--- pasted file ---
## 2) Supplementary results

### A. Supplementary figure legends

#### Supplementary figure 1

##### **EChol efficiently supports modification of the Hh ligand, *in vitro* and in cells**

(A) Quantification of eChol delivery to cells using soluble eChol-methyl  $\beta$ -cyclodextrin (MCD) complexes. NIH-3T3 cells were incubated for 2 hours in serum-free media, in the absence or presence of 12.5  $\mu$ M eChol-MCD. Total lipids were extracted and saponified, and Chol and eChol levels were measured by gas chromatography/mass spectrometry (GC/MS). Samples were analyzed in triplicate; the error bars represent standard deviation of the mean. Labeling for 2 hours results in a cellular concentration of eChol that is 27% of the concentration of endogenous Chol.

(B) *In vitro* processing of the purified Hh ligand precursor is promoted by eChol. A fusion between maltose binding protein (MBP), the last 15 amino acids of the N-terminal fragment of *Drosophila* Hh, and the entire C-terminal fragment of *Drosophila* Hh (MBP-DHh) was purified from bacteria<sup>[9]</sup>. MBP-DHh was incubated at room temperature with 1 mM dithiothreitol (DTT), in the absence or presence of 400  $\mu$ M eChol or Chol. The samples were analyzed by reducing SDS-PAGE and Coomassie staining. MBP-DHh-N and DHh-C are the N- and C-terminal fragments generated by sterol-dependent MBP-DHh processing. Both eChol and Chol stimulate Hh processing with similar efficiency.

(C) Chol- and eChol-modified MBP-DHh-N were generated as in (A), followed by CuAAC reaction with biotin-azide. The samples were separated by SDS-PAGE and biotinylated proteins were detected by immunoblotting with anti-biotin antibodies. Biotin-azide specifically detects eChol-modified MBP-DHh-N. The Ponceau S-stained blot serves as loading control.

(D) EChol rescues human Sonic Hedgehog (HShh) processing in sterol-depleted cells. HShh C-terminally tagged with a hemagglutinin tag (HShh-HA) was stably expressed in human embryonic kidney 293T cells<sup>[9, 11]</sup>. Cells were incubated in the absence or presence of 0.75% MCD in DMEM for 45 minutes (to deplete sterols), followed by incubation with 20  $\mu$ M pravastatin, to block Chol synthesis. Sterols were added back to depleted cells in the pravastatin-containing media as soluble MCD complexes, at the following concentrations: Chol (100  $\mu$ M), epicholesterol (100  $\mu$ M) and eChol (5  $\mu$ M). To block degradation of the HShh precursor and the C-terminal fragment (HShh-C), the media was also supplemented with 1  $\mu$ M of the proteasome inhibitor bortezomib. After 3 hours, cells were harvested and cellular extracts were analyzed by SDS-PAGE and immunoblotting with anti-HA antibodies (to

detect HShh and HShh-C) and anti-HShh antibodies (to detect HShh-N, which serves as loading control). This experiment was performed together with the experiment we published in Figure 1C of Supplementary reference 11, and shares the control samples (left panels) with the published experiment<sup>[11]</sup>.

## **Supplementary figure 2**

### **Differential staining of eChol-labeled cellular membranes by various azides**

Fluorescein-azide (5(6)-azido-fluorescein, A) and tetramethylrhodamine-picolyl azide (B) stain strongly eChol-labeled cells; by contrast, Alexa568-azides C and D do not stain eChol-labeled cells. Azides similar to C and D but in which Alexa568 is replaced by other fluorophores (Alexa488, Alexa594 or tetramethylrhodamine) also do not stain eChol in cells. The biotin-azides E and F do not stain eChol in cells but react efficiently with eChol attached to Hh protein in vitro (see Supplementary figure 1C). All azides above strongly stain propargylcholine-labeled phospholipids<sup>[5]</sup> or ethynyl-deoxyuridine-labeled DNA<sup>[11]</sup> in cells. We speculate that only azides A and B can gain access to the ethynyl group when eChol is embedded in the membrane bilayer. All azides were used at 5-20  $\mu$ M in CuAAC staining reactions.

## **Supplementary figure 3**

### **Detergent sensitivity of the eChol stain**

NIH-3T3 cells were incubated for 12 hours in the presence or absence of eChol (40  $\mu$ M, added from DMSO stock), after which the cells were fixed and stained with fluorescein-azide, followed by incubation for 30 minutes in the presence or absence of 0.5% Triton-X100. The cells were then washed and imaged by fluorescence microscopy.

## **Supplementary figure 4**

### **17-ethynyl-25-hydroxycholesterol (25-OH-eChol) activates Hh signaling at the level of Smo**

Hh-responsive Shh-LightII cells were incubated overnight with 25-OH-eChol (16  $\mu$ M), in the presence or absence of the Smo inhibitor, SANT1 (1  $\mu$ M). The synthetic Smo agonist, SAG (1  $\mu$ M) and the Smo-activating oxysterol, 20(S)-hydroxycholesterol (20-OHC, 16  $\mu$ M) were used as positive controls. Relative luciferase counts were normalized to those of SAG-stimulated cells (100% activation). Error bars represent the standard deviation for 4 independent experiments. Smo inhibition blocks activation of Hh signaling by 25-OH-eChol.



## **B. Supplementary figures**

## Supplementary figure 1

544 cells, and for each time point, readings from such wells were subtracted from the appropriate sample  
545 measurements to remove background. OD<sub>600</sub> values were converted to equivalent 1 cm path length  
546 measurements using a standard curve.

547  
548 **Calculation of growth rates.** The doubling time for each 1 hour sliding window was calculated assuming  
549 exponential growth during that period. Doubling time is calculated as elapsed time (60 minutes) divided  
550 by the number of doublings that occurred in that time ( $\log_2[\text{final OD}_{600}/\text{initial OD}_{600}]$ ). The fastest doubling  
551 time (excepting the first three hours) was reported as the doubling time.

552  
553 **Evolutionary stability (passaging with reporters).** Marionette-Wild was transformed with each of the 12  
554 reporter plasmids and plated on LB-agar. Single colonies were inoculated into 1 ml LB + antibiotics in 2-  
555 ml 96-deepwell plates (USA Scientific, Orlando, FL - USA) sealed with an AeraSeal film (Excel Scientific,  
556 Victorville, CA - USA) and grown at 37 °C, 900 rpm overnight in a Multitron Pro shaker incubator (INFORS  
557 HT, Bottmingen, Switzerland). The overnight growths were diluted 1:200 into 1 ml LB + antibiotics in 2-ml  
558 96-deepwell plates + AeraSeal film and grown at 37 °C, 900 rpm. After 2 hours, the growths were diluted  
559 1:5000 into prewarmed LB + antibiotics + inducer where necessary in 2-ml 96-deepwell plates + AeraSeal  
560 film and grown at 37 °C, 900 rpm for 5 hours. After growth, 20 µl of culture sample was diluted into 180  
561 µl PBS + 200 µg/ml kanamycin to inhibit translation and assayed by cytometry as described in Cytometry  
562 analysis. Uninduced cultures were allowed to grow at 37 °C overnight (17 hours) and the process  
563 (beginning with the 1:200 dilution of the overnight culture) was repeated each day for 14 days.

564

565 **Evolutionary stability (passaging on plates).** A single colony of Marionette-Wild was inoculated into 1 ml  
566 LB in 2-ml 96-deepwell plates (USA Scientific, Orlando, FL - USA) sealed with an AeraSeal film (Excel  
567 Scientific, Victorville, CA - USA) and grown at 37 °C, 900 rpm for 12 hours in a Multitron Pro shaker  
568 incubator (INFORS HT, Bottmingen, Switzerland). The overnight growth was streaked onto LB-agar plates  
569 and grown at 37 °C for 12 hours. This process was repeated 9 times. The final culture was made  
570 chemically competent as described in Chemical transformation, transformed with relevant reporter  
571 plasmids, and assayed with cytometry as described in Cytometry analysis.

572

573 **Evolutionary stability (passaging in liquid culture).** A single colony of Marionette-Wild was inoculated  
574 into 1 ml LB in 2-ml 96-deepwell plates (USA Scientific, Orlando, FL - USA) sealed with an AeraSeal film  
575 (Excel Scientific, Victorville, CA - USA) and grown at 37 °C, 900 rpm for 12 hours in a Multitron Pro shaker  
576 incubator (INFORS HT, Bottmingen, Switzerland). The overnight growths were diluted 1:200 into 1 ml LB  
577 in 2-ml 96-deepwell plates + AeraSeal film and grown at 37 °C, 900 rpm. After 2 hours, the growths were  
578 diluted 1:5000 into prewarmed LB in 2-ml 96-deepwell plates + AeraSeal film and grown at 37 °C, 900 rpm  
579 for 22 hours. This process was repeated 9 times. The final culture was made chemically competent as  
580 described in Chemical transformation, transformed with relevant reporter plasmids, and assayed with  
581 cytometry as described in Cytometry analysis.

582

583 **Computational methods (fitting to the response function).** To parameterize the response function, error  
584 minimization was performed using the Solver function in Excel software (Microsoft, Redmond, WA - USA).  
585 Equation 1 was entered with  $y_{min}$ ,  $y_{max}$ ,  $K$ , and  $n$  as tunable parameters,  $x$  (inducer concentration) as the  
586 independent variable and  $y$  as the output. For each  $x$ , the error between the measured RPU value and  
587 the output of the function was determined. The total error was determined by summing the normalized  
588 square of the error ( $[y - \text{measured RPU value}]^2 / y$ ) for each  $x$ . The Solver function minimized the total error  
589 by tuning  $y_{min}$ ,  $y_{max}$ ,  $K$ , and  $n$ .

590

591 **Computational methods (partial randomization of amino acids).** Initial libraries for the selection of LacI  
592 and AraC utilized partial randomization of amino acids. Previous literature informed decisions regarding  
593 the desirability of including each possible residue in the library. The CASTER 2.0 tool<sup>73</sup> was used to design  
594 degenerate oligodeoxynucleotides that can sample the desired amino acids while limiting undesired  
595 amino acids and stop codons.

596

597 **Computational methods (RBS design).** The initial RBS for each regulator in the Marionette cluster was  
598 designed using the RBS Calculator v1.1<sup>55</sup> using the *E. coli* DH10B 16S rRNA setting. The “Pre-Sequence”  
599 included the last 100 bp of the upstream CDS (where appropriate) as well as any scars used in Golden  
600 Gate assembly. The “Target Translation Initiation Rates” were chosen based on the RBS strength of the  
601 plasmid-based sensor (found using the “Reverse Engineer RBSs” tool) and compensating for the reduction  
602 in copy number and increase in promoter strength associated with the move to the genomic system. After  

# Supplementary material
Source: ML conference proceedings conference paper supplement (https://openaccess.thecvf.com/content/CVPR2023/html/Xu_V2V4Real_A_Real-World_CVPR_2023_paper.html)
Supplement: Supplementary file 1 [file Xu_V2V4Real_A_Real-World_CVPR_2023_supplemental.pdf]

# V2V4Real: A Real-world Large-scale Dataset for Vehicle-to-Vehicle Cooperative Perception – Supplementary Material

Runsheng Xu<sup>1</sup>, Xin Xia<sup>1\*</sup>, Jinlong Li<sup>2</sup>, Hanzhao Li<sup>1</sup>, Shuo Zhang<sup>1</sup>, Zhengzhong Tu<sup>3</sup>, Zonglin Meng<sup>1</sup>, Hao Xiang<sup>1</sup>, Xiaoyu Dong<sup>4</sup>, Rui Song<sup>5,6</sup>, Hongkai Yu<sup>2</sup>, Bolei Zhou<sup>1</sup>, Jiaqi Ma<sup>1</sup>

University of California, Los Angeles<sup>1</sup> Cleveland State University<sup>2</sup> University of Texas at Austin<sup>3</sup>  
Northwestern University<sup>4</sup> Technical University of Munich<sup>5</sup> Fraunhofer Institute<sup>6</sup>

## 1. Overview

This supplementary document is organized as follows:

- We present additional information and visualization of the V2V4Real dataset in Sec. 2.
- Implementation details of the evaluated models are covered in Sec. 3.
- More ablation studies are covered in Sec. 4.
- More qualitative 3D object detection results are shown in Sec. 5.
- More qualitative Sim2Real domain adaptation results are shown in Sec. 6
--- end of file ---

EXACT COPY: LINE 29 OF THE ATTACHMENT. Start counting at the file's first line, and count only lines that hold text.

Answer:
552  